## On Factoring, by Jevons’ The Principles of Science

June 28, 2009 | Math | By: Mark VandeWettering

While reading the section on factorization of large numbers in Knuth’s Seminumerical Algorithms, I encountered a reference to an interesting claim by William Stanley Jevons. I did a google search, and found it in google books:

Knuth was quick to point out that the number that he gave was easily factorable in short order (even by hand, even in Jevons’ day) using Fermat’s method. I of course just handed it to the little program I wrote, and it instantly returned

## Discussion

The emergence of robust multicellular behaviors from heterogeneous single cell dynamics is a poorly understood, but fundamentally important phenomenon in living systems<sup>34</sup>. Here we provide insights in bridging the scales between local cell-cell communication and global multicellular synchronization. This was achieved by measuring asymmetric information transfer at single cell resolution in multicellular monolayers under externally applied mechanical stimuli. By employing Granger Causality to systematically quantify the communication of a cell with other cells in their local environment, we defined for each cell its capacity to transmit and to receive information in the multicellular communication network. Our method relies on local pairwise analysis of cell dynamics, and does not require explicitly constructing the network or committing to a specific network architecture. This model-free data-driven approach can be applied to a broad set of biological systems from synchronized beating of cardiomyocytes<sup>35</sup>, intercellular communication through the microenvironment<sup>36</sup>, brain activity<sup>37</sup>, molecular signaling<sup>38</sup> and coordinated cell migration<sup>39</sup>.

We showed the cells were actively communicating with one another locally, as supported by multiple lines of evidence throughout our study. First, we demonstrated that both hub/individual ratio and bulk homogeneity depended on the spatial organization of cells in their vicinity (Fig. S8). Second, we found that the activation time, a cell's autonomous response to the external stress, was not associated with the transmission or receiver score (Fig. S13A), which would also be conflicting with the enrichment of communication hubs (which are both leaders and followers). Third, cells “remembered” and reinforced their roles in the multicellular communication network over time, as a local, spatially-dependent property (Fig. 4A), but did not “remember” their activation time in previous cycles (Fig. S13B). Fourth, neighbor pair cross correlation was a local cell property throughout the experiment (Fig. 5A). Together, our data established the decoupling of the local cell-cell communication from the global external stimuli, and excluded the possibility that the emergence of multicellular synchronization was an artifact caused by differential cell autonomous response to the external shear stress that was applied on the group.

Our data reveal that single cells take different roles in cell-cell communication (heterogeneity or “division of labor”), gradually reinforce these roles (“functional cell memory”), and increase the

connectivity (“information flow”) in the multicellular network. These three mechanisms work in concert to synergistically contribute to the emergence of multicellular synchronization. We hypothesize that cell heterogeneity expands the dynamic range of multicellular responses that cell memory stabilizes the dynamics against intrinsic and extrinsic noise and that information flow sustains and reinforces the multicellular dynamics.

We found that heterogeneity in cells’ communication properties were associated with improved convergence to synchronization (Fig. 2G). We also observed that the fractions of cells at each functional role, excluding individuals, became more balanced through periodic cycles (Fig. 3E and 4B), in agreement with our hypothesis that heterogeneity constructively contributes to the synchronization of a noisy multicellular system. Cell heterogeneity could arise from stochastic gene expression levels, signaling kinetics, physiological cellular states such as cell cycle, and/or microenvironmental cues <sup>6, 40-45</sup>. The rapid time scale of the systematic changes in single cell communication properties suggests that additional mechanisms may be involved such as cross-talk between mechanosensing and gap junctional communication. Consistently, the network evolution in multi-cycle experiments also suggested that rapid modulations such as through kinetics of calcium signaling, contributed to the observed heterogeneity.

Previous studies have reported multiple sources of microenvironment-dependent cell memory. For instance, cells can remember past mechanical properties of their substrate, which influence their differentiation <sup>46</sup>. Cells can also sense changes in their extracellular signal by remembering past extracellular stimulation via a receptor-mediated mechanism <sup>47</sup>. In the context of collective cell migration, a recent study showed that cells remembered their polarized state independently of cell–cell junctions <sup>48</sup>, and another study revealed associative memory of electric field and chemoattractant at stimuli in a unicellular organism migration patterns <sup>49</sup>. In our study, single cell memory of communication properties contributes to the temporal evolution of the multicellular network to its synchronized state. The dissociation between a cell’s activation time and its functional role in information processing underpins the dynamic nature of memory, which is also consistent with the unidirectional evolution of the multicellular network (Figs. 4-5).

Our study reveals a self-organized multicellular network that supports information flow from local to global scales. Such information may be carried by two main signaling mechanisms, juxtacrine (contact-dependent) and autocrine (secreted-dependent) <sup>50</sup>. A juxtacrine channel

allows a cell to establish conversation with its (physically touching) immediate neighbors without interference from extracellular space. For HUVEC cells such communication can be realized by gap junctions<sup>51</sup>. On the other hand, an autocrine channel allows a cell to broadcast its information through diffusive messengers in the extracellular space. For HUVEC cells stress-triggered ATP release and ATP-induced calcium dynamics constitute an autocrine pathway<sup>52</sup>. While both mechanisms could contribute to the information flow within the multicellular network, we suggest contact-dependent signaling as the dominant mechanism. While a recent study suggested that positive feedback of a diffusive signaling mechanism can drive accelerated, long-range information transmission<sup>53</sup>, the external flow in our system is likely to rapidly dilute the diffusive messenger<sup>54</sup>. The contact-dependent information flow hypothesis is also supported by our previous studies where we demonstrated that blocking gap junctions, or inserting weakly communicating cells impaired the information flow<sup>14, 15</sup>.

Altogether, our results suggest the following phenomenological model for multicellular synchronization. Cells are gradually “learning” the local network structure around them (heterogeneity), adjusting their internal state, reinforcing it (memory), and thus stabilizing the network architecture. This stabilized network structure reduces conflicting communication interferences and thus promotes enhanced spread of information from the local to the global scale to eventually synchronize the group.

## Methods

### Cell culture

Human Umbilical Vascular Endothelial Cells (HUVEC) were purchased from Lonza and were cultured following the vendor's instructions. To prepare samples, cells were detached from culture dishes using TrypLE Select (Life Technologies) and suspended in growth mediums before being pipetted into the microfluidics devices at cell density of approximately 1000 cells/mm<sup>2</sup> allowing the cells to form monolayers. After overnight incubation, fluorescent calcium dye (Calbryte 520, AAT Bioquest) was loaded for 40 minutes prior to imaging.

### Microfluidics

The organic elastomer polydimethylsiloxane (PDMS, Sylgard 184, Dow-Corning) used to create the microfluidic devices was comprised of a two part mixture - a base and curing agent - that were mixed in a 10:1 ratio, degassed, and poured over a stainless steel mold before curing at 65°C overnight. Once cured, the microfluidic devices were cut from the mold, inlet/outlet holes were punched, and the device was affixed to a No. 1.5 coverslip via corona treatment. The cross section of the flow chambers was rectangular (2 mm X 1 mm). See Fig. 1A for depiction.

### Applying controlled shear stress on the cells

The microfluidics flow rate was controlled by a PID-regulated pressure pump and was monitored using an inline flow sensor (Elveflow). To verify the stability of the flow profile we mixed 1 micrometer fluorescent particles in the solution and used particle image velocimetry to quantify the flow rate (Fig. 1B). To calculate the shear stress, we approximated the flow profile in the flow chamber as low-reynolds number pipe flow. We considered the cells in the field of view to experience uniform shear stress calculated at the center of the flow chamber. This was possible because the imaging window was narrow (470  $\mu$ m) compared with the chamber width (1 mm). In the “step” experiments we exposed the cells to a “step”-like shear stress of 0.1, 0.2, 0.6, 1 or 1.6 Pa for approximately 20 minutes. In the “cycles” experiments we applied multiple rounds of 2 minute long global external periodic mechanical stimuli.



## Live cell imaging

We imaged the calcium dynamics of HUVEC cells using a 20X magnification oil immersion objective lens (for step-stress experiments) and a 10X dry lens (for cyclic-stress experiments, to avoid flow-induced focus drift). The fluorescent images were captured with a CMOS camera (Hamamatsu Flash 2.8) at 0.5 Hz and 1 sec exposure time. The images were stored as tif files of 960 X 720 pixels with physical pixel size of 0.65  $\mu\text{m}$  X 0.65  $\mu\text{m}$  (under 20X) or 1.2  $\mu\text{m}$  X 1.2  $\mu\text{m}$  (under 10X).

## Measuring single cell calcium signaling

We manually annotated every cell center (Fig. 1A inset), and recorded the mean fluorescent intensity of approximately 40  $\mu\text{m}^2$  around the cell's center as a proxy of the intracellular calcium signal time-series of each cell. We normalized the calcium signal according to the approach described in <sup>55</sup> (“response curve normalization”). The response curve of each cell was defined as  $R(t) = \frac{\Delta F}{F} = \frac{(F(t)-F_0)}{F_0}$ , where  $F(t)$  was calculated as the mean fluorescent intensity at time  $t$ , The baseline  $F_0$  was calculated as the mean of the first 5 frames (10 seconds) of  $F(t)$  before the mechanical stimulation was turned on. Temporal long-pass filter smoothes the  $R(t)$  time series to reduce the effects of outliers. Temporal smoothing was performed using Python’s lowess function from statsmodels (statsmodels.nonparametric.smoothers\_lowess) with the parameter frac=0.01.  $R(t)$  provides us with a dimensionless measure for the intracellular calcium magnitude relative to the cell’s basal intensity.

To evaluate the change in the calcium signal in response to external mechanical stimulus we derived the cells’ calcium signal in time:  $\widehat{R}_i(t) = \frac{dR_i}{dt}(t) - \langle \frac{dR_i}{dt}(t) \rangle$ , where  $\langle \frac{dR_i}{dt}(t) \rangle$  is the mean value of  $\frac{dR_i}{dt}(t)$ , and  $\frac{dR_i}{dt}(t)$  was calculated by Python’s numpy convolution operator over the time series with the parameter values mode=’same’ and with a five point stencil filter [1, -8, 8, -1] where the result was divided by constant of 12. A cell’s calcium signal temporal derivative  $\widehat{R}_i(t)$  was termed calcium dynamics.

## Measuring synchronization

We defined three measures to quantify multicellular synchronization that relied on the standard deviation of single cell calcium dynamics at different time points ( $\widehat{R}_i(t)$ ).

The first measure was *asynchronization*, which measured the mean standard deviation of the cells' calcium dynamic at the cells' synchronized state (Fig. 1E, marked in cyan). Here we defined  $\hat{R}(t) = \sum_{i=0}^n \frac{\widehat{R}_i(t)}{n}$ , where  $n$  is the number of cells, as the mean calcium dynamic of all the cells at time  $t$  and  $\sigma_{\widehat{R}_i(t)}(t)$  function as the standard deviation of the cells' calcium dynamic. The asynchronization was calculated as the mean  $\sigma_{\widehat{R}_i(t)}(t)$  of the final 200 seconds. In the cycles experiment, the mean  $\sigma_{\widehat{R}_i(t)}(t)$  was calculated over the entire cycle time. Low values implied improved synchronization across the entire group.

```8,616,460,799 =
89,681 *
96,079
```

Addendum: How does Fermat’s method work? You basically try to express the prime as the difference of two squares. Let’s say that the prime P = u * v. If P = x^2 – y^2, then P = (x + y) (x – y), so the two factors u = x + y and v = x – y. You start by setting x to be just above the sqrt(P), and compute x*x – P. If the remainder is a square, then you have have two factors. Knuth gives several hints on how you could avoid testing many possible squares, but even acting trivially, you would only have to try 55 numbers before finding that…

```8616460799 = 92880**2 - 3199**2
8616460799 = 96079 * 89681
```

Addendum: Lehmer factored this number in 1903. Golomb apparently had a Cryptologia article showing how it could be easily factored with a hand calculator, but I don’t want to pay \$37 to get the 3 page reprint.